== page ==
Viewers juggle two narratives in writer-director Vladan Nikolic's moody sci-fi thriller, Zenith. In the present day, we follow a former priest named Ed as he tries to uncover a conspiracy known as "Zenith." The other plotline unspools in 2044: Ed's son, Jack, a drug-dealer in a messed-up world, finds his father's videotapes. Further complicating Jack's already confused existence are a beautiful prostitute with a powerful daddy; a conspiracy buff; and some people trying to kill him.
Nikolic's low-budget indie is well produced, with clever location shooting that uses our busted-up present as a grimmer future. (One colorful thing grim futures always have: strip clubs that blast techno music.) The film has antecedents in assorted time-, space- and mindbenders such as La Jetée/12 Monkeys and Primer, as well as dozens of paranoiac dystopic works.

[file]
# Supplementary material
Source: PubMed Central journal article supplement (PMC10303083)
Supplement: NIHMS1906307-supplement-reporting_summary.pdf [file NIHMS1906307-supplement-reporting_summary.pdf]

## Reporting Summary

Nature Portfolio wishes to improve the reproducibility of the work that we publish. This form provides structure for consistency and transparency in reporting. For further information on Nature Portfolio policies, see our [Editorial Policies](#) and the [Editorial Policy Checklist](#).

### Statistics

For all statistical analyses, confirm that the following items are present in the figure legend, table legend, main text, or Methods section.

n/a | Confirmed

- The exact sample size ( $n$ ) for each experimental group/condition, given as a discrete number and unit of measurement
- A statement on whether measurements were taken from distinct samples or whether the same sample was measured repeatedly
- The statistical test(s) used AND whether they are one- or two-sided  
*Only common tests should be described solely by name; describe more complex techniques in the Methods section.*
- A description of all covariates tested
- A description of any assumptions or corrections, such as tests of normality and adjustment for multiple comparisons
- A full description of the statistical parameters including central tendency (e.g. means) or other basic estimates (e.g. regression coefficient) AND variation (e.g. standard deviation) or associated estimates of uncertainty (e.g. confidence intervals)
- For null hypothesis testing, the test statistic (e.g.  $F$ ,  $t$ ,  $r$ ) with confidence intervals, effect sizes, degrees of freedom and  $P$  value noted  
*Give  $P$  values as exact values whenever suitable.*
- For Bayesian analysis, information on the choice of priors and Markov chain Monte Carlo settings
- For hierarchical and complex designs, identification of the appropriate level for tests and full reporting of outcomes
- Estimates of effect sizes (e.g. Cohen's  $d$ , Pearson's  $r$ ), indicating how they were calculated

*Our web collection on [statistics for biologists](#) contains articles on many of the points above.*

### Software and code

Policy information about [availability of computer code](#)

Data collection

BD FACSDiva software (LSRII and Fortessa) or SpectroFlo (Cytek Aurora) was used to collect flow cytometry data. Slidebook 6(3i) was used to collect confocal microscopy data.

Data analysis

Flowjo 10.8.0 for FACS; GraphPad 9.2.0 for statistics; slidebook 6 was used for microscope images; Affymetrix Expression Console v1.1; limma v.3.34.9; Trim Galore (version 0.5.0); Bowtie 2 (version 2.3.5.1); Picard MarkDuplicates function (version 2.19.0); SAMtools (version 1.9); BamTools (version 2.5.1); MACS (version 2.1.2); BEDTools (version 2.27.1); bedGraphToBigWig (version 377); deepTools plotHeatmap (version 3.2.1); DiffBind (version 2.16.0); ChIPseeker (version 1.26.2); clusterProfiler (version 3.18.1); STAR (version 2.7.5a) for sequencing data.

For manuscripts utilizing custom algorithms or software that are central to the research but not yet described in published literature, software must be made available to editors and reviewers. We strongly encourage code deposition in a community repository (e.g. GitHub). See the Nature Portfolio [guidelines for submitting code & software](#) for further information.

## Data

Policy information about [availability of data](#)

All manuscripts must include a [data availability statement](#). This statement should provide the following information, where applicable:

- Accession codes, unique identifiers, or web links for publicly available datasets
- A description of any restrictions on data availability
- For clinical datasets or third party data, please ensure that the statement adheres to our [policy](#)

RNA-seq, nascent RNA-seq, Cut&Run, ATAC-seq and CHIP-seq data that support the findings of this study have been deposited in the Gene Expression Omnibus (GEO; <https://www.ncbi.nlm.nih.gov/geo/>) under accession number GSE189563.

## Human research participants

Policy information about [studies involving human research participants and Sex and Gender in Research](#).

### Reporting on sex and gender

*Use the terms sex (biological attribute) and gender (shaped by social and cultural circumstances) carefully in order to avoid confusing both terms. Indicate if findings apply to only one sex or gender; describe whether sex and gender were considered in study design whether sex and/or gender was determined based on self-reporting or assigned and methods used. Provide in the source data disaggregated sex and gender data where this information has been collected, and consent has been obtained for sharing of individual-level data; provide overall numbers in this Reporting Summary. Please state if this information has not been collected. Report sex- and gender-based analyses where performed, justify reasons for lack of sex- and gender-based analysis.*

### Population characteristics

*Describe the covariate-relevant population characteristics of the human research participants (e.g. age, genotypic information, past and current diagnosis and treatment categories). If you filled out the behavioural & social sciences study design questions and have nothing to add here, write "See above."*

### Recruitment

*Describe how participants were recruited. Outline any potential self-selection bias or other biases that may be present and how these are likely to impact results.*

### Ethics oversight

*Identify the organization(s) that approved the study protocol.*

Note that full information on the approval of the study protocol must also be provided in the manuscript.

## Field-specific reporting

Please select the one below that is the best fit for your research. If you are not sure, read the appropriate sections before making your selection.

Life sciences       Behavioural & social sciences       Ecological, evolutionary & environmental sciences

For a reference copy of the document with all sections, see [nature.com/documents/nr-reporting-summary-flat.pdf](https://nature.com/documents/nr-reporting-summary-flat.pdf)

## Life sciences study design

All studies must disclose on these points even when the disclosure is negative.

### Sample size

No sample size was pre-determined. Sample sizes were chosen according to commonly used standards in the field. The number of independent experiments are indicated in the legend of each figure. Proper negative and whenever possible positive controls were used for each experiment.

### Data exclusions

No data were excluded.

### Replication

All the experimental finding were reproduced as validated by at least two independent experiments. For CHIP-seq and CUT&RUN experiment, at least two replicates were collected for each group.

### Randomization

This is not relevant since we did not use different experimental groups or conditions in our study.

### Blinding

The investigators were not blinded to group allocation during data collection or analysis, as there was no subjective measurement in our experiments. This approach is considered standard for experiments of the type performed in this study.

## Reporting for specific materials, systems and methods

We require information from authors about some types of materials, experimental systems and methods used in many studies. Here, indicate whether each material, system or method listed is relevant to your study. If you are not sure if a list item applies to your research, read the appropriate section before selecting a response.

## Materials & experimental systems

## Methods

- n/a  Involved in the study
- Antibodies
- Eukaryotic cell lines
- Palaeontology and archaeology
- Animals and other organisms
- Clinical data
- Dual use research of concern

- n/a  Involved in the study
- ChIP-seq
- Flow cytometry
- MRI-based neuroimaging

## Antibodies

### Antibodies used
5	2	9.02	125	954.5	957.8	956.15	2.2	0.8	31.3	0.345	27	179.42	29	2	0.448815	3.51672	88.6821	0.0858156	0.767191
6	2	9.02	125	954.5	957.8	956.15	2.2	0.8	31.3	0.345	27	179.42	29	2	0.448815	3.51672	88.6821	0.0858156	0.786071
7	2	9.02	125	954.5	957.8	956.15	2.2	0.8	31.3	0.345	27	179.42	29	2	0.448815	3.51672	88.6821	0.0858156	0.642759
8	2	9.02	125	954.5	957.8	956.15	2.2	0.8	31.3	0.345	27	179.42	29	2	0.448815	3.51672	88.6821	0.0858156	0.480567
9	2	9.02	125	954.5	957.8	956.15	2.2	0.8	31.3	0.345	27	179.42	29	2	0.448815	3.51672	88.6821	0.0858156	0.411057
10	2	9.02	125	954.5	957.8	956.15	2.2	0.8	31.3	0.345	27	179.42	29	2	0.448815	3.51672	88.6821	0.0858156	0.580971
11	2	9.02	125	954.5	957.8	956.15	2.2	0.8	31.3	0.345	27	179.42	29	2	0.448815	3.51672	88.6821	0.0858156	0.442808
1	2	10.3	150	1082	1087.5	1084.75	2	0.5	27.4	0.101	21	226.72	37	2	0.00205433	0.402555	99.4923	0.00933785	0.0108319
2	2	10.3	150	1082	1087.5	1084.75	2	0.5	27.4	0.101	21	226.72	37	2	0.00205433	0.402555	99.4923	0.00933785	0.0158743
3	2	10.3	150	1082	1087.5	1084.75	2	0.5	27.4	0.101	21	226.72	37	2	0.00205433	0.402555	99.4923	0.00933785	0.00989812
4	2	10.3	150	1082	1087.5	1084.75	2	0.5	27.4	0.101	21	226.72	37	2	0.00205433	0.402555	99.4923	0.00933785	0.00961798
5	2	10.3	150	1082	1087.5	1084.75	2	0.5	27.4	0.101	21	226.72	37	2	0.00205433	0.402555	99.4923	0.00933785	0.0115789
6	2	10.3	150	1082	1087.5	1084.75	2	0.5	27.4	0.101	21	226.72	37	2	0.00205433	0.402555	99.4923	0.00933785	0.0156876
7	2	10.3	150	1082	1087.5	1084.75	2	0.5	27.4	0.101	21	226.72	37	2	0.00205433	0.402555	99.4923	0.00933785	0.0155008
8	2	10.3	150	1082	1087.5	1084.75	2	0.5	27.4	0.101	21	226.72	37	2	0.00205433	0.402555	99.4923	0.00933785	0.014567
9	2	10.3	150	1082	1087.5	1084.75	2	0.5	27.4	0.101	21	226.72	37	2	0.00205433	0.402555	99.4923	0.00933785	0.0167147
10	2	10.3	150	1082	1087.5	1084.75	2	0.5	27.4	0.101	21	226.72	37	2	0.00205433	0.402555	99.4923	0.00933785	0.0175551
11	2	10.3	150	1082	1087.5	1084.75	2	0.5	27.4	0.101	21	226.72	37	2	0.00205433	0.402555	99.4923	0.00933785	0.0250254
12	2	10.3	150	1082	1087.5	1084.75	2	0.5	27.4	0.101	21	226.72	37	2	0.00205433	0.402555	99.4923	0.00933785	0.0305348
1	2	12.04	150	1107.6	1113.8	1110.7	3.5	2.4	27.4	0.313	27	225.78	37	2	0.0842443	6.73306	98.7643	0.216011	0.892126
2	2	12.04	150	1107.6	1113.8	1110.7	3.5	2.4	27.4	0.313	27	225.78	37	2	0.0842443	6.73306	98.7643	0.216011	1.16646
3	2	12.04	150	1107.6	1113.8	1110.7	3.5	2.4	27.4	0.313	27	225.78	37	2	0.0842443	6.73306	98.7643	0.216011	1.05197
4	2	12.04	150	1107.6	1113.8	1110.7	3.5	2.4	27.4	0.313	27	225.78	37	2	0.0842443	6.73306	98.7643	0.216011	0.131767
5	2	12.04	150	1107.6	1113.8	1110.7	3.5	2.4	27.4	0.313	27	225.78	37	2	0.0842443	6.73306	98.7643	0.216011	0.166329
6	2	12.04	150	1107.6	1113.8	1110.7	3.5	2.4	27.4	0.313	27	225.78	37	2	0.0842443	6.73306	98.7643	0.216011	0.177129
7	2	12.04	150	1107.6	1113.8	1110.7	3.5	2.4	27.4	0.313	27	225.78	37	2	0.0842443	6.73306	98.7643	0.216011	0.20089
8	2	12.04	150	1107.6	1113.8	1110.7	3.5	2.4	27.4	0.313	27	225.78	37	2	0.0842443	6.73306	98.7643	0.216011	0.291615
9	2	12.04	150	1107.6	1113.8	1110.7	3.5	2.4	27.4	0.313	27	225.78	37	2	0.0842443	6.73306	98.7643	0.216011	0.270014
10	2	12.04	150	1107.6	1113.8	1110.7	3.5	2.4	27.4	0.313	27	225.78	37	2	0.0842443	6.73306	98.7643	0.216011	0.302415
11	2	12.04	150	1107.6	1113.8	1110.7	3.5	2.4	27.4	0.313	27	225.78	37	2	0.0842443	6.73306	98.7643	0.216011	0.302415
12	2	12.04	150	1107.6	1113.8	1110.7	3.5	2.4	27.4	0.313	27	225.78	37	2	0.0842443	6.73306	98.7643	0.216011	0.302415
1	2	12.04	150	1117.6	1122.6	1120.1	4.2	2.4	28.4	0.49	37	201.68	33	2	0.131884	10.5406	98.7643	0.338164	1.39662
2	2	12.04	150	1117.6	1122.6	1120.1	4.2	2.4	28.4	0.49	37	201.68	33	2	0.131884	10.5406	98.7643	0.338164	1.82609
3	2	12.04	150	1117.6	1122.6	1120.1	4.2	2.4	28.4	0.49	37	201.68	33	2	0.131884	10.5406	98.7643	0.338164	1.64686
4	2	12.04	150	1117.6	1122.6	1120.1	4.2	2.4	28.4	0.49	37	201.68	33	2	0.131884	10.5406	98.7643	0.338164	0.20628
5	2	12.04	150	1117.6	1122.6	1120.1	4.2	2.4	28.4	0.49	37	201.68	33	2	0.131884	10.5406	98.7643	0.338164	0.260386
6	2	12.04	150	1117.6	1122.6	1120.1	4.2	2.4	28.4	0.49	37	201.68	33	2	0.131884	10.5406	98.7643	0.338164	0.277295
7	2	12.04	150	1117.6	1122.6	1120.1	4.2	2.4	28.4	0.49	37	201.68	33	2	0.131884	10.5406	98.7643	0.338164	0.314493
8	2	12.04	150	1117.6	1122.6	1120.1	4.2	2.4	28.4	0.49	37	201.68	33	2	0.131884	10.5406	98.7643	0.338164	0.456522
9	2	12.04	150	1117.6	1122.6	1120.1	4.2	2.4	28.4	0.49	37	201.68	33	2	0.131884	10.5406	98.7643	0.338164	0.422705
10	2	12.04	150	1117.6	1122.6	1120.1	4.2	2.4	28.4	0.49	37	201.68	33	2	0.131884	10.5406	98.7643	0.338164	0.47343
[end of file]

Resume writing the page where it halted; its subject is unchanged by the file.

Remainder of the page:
What's real? Is there a conspiracy? Whom to trust? Answers are fluid, but here's a clue: Twice Ed recounts the infamous Milgram experiment of the 1960s, in which subjects were instructed to administer crippling, even lethal shocks to strangers. Thus, one can be powerless even when he believes he's in control. An authority may simply be manipulating one toward a larger, secretive goal. And then, there's that meta-narrative about what you, the viewer, are getting suckered into believing ... 10 p.m. Fri., Jan. 28, and 10 p.m. Sat., Jan. 29. Oaks (Al Hoff)